The SOBA states, “The 2017 [NUL] Equality Index provides a veritable ‘line in the sand’ from which to measure where the country goes from here…As the [NUL] continues to press the case for closing the divide in economic opportunity, education, health, social justice and civic engagement…” The report goes on to point out, “Change often happens slowly. The Equality Index offers solid evidence of just how slowly change happens, making it an important tool for driving policies needed in the ongoing fight against inequality.” “Slowly”? I’d say. 228 years is a long time.
Finally, the SOBA cites its Main Street Marshall Plan as a “bold, strategic investment in America’s urban communities that protects our progress…a sweeping and decisive solution to our nation’s persistent social and economic disparities.” Dr. Ron Daniels has advocated for a Marshall Plan for America’s “dark ghettos” for longer than I can remember.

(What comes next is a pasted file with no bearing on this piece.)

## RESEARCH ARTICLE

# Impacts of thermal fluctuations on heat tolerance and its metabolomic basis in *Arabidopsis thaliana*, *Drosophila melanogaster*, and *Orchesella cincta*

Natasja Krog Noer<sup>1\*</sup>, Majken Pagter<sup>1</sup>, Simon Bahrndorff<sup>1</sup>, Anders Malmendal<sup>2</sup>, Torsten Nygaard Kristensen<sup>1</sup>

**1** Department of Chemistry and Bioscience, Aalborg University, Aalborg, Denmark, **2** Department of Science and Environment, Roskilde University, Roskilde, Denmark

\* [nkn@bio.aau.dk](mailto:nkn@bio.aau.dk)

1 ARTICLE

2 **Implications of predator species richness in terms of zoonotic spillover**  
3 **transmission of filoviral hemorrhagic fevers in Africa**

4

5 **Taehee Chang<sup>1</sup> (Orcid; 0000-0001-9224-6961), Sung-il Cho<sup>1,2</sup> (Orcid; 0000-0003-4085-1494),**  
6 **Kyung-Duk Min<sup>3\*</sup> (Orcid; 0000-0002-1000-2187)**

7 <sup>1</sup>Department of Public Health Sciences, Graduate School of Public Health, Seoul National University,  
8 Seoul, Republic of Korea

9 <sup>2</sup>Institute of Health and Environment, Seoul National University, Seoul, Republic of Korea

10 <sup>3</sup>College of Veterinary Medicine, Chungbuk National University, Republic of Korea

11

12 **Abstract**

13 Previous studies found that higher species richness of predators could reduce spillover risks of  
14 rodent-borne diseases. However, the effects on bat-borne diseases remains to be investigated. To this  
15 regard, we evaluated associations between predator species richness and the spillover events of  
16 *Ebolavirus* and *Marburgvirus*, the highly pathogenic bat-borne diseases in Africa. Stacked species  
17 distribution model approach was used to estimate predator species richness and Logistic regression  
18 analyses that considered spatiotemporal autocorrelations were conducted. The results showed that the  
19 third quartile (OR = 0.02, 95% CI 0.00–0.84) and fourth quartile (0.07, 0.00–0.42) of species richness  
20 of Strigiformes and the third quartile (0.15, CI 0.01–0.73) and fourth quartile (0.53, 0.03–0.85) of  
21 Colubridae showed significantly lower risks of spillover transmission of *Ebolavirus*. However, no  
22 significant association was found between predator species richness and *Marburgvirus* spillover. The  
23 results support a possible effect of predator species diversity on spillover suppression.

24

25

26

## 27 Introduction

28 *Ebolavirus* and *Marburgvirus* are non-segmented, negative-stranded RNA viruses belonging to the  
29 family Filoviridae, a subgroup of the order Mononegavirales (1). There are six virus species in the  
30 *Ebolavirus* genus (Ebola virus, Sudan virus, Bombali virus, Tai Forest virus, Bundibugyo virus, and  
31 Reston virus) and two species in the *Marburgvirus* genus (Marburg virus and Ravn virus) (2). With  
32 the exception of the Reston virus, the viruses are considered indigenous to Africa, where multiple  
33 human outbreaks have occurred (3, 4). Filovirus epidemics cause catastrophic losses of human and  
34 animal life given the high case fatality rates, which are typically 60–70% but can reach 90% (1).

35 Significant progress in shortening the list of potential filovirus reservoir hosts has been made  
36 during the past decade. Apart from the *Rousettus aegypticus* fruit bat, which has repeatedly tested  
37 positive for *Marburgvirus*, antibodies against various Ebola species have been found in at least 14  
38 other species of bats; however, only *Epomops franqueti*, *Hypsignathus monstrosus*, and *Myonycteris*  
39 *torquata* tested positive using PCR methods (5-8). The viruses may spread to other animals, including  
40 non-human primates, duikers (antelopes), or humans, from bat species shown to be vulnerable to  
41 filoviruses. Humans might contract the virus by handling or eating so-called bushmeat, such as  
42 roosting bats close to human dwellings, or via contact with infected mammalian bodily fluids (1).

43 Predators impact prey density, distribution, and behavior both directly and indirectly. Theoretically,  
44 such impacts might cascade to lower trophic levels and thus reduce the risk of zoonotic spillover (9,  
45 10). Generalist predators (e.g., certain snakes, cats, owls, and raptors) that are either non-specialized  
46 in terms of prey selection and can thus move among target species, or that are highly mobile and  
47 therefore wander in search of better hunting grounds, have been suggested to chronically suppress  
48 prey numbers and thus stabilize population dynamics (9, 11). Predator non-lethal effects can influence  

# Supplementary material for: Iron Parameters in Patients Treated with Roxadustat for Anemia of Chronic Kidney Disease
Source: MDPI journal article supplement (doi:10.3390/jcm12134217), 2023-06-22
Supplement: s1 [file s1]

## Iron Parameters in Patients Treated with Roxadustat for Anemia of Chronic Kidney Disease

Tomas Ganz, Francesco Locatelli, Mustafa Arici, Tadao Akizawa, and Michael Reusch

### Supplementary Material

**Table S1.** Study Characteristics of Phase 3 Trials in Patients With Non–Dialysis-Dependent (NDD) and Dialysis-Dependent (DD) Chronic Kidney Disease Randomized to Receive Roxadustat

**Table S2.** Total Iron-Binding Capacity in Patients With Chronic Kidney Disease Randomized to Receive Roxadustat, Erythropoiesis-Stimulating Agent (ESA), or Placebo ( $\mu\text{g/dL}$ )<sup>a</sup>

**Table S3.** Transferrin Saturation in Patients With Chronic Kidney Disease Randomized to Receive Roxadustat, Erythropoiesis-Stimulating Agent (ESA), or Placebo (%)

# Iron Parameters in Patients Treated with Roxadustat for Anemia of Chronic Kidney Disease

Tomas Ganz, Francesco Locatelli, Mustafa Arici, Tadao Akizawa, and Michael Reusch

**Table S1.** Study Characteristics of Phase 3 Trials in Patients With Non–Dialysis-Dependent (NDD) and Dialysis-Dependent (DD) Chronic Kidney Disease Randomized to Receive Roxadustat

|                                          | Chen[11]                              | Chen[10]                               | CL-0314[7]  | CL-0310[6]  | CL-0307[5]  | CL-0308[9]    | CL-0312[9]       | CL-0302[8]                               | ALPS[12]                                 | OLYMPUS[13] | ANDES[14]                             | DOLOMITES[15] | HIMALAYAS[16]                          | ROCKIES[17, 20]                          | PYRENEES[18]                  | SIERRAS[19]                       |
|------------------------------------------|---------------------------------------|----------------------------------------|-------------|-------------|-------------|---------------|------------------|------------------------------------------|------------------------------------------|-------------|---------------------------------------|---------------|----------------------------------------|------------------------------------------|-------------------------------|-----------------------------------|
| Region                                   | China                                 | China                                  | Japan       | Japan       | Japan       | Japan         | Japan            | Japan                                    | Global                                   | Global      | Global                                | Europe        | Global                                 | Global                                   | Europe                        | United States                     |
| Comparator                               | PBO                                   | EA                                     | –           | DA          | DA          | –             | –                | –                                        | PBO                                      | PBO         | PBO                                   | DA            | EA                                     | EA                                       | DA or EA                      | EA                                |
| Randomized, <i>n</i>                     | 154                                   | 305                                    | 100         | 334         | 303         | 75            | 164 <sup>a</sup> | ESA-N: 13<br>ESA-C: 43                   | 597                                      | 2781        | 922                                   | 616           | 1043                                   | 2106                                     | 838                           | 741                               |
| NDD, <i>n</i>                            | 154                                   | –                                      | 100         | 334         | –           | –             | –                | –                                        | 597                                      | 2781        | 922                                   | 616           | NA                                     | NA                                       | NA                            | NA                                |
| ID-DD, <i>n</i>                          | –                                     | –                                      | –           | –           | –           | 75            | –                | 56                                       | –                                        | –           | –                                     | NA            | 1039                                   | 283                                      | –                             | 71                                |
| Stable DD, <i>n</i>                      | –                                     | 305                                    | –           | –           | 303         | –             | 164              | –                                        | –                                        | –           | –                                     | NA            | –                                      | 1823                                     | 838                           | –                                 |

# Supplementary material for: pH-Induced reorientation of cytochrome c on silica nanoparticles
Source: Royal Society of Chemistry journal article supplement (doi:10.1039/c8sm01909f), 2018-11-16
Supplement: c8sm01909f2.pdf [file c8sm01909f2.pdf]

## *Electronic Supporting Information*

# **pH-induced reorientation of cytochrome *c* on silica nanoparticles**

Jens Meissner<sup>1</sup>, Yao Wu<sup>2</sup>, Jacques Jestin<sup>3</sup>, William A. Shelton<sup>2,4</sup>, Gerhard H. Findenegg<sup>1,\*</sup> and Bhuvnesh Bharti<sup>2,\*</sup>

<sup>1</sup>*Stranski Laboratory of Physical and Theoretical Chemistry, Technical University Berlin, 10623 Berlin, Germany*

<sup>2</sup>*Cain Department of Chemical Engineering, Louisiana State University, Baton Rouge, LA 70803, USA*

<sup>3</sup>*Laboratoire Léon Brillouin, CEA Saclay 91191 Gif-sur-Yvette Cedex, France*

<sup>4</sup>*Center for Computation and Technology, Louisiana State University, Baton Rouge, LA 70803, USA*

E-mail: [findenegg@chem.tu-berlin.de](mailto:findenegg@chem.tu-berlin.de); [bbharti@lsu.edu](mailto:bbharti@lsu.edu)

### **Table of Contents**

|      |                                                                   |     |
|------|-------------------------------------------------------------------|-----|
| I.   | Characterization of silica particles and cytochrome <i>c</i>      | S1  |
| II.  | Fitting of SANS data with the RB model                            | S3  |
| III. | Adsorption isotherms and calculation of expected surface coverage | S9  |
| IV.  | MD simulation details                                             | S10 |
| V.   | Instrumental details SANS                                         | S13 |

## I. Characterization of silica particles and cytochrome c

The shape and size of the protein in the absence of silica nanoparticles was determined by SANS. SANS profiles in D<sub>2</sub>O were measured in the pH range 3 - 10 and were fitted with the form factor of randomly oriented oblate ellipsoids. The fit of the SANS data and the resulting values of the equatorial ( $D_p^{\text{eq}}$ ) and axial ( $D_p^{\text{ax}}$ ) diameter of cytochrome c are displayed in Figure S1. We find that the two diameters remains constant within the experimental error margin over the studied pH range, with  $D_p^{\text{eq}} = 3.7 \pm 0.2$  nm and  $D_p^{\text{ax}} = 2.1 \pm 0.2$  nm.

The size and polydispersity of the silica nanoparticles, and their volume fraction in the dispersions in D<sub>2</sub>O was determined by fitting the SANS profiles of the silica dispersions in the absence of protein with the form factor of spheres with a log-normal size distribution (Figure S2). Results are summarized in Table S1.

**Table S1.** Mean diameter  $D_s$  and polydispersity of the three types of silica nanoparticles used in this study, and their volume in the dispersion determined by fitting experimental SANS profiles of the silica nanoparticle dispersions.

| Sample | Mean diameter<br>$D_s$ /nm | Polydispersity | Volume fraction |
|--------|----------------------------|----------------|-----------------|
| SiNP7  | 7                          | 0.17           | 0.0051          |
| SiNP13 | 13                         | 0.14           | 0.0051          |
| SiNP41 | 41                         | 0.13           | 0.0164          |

Dr. Bernard E. Anderson, Professor Emeritus, The Wharton School, University of Pennsylvania and Presidential Economic Advisor, wrote, “The proposed Trump budget would be devastating for the Main Street Marshall Plan…It would do little to accelerate economic growth, reduce long-term unemployment, expand economic opportunity for minority group workers, or ease the burden on low-income families.”
Further, Anderson writes, “The budget proposal threatens to truncate the modest, but steady progress the economy has made over the last eight years, and would make the struggle to erase racial inequality increasingly difficult.”